With the certification of the Faculty of Arts and Science's Zhuang Lab, Harvard now has 20 new construction, major rehabilitation, and interior renovation projects certified by the U.S. Green Building Council’s (USGBC’s) Leadership in Energy and Environmental Design® (LEED®) green building rating systems.  These projects represent Harvard’s commitment to reducing its environmental impact and improving occupant health and comfort.  Harvard now has more certified projects than the rest of the Ivy League combined.  

“With the LEED certification of its 20th building, the most of any higher education institution in the world, Harvard demonstrates phenomenal green building leadership," said Rick Fedrizzi, President, CEO & Founding Chair, U.S. Green Building Council. "Green buildings provide the healthiest, safest environments for learning and growing - all while saving money, contributing toward mitigating climate change and improving our environment.”  

Harvard is also a global leader in green building education and information sharing, with more than 37,000 unique visitors from 148 countries using the Green Building Resource last fiscal year and numerous Harvard faculty and staff recognized as pioneers in the green building movement locally and nationally. 

Project Success Stories

Of Harvard’s certified projects, three have received the Platinum certification, which is the highest achievable and recognizes project that have gone above and beyond in the pursuit of sustainability.  An additional nine have received Gold, four Silver, and four the Certified level of recognition. 

Completed projects include the world’s oldest LEED Platinum renovation (University Operation Services’ 46 Blackstone Street, originally constructed in 1889), the first LEED for Commercial Interiors Platinum project at a University (Harvard Law School’s Griswold Hall), and the first LEED for Homes Platinum renovation at a University (Harvard Real Estate Service’s 2 Grant Street).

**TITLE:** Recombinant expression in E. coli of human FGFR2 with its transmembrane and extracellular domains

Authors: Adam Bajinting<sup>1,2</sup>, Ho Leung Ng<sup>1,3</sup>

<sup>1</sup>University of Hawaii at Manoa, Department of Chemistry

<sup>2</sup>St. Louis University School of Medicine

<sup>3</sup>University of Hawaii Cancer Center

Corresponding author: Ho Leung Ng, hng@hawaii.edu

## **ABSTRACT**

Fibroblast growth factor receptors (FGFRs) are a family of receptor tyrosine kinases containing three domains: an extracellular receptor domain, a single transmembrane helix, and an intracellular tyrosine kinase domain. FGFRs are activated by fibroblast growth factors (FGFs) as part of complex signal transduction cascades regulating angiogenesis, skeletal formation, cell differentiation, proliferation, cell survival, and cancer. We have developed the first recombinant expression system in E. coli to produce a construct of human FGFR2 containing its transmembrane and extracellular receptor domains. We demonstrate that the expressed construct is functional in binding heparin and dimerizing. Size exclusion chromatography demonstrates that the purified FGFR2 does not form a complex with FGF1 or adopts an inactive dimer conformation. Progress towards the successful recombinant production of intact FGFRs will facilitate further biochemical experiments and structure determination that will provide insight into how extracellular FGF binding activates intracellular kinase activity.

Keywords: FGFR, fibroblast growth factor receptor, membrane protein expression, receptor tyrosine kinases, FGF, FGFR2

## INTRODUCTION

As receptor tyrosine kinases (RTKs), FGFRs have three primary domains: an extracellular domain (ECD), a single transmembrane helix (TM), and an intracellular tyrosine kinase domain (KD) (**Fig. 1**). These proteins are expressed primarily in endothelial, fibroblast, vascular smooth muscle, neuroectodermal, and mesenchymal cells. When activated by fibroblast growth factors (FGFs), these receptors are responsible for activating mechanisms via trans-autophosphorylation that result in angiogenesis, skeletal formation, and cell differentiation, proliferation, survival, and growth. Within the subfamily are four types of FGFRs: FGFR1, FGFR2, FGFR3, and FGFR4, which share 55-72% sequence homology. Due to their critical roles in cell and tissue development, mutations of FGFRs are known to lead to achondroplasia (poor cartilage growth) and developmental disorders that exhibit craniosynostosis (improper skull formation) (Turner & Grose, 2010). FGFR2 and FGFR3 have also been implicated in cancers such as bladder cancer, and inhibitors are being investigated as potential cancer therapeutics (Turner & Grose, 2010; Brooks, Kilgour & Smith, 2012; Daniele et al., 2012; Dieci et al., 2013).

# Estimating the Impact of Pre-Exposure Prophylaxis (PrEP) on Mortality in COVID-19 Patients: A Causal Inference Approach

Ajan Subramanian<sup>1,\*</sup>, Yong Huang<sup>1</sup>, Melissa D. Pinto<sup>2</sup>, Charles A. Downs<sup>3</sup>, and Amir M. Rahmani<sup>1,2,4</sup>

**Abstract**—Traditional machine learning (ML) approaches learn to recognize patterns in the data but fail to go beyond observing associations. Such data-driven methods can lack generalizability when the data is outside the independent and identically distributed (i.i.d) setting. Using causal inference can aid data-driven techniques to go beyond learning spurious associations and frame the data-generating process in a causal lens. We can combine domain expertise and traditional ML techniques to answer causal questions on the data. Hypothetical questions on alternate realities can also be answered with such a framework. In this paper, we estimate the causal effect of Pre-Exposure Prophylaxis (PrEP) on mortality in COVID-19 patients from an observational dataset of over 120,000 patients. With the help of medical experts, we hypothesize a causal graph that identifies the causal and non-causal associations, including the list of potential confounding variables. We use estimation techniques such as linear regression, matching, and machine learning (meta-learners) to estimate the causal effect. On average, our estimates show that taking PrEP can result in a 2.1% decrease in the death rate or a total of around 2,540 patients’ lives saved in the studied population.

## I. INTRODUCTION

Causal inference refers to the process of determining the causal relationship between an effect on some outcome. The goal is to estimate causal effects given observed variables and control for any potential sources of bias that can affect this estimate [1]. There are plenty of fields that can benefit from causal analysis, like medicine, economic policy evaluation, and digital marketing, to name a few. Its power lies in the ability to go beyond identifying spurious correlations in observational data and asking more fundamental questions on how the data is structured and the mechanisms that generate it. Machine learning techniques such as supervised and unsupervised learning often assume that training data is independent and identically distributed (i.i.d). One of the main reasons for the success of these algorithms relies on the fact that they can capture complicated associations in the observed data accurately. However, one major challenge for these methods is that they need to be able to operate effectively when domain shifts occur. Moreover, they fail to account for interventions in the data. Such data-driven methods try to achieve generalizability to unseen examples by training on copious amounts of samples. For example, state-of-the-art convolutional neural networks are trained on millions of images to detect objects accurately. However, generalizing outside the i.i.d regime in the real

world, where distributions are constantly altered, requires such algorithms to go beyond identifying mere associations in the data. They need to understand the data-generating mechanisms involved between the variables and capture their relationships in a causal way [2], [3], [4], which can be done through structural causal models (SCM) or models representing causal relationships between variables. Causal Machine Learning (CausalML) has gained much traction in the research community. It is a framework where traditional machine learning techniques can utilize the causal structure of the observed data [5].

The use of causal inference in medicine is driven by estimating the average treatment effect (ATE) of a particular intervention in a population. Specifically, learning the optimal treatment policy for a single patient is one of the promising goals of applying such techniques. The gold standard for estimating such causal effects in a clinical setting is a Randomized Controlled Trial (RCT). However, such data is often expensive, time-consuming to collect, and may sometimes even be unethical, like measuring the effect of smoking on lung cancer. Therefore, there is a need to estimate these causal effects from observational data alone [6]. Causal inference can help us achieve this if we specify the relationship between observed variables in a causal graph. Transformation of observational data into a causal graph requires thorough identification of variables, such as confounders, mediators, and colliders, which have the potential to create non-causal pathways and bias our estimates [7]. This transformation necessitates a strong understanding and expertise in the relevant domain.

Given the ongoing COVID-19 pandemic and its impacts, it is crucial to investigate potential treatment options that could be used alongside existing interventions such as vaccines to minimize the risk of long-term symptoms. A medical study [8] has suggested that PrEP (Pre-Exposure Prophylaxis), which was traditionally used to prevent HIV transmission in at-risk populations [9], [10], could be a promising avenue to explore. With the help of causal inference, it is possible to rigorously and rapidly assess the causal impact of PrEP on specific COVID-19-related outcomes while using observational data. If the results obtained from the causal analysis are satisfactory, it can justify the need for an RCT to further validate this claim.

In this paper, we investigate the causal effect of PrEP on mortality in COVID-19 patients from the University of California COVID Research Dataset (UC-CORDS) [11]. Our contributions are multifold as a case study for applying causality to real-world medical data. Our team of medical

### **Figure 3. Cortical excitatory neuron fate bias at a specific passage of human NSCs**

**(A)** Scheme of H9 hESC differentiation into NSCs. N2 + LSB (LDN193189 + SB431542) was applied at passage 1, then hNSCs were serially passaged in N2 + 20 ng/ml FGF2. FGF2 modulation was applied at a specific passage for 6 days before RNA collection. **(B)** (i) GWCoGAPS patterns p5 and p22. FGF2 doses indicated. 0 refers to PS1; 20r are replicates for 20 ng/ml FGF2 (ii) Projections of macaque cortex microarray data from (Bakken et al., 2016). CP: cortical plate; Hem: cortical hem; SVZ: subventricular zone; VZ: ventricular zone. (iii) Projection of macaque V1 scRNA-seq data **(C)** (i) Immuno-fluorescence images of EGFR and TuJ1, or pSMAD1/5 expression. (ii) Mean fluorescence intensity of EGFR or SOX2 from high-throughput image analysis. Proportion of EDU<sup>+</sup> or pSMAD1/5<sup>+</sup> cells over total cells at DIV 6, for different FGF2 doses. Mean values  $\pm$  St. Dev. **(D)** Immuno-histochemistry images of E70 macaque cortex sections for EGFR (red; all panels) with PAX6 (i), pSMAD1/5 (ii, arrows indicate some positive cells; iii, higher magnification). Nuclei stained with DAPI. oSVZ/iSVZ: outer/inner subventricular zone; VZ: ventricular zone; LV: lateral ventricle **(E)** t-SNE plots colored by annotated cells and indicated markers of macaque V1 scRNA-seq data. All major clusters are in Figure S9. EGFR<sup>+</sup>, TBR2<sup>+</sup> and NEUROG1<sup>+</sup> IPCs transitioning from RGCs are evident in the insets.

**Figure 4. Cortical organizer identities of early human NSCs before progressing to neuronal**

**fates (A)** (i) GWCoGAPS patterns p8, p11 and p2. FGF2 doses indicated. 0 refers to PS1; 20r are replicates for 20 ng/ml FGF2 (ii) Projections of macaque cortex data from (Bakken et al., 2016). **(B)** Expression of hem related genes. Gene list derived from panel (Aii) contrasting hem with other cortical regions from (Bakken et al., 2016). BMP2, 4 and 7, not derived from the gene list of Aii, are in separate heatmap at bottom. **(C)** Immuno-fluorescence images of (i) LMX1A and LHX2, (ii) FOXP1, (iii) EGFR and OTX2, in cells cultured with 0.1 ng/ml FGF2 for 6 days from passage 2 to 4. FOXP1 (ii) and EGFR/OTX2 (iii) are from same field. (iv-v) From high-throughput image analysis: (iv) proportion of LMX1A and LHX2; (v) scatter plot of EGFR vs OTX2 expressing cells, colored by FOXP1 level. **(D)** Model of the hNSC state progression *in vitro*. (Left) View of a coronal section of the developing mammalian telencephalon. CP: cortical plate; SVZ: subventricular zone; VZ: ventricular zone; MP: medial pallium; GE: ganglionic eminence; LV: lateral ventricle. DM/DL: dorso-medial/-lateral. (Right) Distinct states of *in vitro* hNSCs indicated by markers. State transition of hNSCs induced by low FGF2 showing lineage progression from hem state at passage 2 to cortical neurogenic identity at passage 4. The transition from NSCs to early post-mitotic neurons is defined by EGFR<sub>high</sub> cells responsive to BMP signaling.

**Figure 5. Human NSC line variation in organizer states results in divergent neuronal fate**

The twenty certified projects represent over 1,000,000 square feet of space, are estimated to save more than $680,000 in utilities annually, and are reducing greenhouse gas emissions by nearly 1,500 metric tons of carbon dioxide equivalent per year compared to standard construction.  The projects have also diverted over 15,000 tons of construction and demolition waste from landfills, 540 tons of which was salvaged and donated, and are annually saving more than 3,500,000 gallons of domestic water, the equivalent of more than 5 Olympic sized swimming pools.

Why LEED?

In addition to integrated design, life cycle costing, energy modeling, ongoing commissioning, coordinated building turn-over, and a high level of energy efficiency, the University emphasizes using the LEED rating system because of the documentation produced through the process.  The products developed through the LEED process help provide accountability to the team and ensure Harvard is provided with a detailed inventory of all green building features, success stories and even any project shortcomings before the project team moves on to other jobs. 

By leveraging the documented success of early projects, such as Harvard's first LEED project, Landmark Center at the School of Public Health, Harvard has been able to adopt ambitious green building guidelines requiring large projects to pursue sustainable design and a LEED rating.  The Harvard Office for Sustainability collects the best practices and lessons learned from each of these projects and works to transfer this knowledge to future projects and helps promote continuous improvement.  Armed with overwhelming evidence that going green has significant environmental and human health and comfort benefits while being cost effective, smaller interior fit out projects have begun voluntarily adopting and exceeding the same green building guidelines and pursuing LEED certification.